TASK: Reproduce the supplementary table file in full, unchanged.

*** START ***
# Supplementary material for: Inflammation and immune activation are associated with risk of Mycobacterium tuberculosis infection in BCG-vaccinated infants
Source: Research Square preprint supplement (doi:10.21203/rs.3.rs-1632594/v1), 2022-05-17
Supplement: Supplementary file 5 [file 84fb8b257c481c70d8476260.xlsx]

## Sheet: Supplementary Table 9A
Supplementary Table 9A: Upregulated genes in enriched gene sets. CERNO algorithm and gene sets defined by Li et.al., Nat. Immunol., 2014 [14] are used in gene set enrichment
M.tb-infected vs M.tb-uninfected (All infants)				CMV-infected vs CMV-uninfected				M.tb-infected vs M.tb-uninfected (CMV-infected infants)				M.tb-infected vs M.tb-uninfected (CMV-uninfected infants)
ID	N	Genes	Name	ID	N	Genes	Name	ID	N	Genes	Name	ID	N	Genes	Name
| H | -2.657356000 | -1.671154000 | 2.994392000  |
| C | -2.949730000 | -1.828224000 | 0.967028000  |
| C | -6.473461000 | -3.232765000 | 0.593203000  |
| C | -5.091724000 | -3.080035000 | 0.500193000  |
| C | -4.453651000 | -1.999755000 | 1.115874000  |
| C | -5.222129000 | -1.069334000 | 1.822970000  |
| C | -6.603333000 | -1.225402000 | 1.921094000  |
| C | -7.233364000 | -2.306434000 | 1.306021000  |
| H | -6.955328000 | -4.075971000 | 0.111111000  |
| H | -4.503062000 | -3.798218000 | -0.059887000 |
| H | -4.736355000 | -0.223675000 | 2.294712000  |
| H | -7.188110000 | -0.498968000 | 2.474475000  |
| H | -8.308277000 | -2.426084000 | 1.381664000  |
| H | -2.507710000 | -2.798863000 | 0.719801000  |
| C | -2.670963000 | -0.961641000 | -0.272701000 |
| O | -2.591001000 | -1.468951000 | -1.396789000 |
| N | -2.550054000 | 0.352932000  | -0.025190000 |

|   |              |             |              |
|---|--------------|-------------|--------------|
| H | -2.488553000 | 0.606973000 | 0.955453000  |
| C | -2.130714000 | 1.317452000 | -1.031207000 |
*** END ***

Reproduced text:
# Supplementary material for: Inflammation and immune activation are associated with risk of Mycobacterium tuberculosis infection in BCG-vaccinated infants
Source: Research Square preprint supplement (doi:10.21203/rs.3.rs-1632594/v1), 2022-05-17
Supplement: Supplementary file 5 [file 84fb8b257c481c70d8476260.xlsx]

## Sheet: Supplementary Table 9A
Supplementary Table 9A: Upregulated genes in enriched gene sets. CERNO algorithm and gene sets defined by Li et.al., Nat. Immunol., 2014 [14] are used in gene set enrichment
M.tb-infected vs M.tb-uninfected (All infants)				CMV-infected vs CMV-uninfected				M.tb-infected vs M.tb-uninfected (CMV-infected infants)				M.tb-infected vs M.tb-uninfected (CMV-uninfected infants)
ID	N	Genes	Name	ID	N	Genes	Name	ID	N	Genes	Name	ID	N	Genes	Name
| H | -2.657356000 | -1.671154000 | 2.994392000  |
| C | -2.949730000 | -1.828224000 | 0.967028000  |
| C | -6.473461000 | -3.232765000 | 0.593203000  |
| C | -5.091724000 | -3.080035000 | 0.500193000  |
| C | -4.453651000 | -1.999755000 | 1.115874000  |
| C | -5.222129000 | -1.069334000 | 1.822970000  |
| C | -6.603333000 | -1.225402000 | 1.921094000  |
| C | -7.233364000 | -2.306434000 | 1.306021000  |
| H | -6.955328000 | -4.075971000 | 0.111111000  |
| H | -4.503062000 | -3.798218000 | -0.059887000 |
| H | -4.736355000 | -0.223675000 | 2.294712000  |
| H | -7.188110000 | -0.498968000 | 2.474475000  |
| H | -8.308277000 | -2.426084000 | 1.381664000  |
| H | -2.507710000 | -2.798863000 | 0.719801000  |
| C | -2.670963000 | -0.961641000 | -0.272701000 |
| O | -2.591001000 | -1.468951000 | -1.396789000 |
| N | -2.550054000 | 0.352932000  | -0.025190000 |

|   |              |             |              |
|---|--------------|-------------|--------------|
| H | -2.488553000 | 0.606973000 | 0.955453000  |
| C | -2.130714000 | 1.317452000 | -1.031207000 |